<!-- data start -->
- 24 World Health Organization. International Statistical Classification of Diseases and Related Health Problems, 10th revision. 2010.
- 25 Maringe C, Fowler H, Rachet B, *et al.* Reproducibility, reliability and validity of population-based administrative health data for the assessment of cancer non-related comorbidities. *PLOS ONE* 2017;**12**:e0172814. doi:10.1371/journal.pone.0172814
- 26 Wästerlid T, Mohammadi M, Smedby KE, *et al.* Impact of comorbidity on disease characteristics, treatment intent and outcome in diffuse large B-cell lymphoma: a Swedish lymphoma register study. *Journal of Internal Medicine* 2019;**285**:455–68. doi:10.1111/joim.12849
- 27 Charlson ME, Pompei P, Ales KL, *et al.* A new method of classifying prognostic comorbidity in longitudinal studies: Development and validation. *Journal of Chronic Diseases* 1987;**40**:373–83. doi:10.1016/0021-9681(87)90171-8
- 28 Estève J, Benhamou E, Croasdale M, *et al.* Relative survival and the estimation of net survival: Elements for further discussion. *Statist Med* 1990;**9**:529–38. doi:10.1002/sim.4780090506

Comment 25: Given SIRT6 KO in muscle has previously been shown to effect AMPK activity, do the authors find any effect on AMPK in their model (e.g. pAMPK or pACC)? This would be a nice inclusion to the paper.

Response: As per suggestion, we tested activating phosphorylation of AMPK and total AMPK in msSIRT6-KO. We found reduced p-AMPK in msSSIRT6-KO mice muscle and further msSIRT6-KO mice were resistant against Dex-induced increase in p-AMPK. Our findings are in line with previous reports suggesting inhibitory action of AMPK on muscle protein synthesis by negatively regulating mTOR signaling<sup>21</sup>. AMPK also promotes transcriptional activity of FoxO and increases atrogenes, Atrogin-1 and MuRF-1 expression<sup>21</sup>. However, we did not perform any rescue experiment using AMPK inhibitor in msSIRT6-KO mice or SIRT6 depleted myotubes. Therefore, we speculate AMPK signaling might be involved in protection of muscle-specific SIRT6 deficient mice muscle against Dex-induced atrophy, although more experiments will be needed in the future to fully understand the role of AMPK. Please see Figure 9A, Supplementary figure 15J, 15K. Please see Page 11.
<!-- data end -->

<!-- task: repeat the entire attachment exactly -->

- 24 World Health Organization. International Statistical Classification of Diseases and Related Health Problems, 10th revision. 2010.
- 25 Maringe C, Fowler H, Rachet B, *et al.* Reproducibility, reliability and validity of population-based administrative health data for the assessment of cancer non-related comorbidities. *PLOS ONE* 2017;**12**:e0172814. doi:10.1371/journal.pone.0172814
- 26 Wästerlid T, Mohammadi M, Smedby KE, *et al.* Impact of comorbidity on disease characteristics, treatment intent and outcome in diffuse large B-cell lymphoma: a Swedish lymphoma register study. *Journal of Internal Medicine* 2019;**285**:455–68. doi:10.1111/joim.12849
- 27 Charlson ME, Pompei P, Ales KL, *et al.* A new method of classifying prognostic comorbidity in longitudinal studies: Development and validation. *Journal of Chronic Diseases* 1987;**40**:373–83. doi:10.1016/0021-9681(87)90171-8
- 28 Estève J, Benhamou E, Croasdale M, *et al.* Relative survival and the estimation of net survival: Elements for further discussion. *Statist Med* 1990;**9**:529–38. doi:10.1002/sim.4780090506

Comment 25: Given SIRT6 KO in muscle has previously been shown to effect AMPK activity, do the authors find any effect on AMPK in their model (e.g. pAMPK or pACC)? This would be a nice inclusion to the paper.

Response: As per suggestion, we tested activating phosphorylation of AMPK and total AMPK in msSIRT6-KO. We found reduced p-AMPK in msSSIRT6-KO mice muscle and further msSIRT6-KO mice were resistant against Dex-induced increase in p-AMPK. Our findings are in line with previous reports suggesting inhibitory action of AMPK on muscle protein synthesis by negatively regulating mTOR signaling<sup>21</sup>. AMPK also promotes transcriptional activity of FoxO and increases atrogenes, Atrogin-1 and MuRF-1 expression<sup>21</sup>. However, we did not perform any rescue experiment using AMPK inhibitor in msSIRT6-KO mice or SIRT6 depleted myotubes. Therefore, we speculate AMPK signaling might be involved in protection of muscle-specific SIRT6 deficient mice muscle against Dex-induced atrophy, although more experiments will be needed in the future to fully understand the role of AMPK. Please see Figure 9A, Supplementary figure 15J, 15K. Please see Page 11.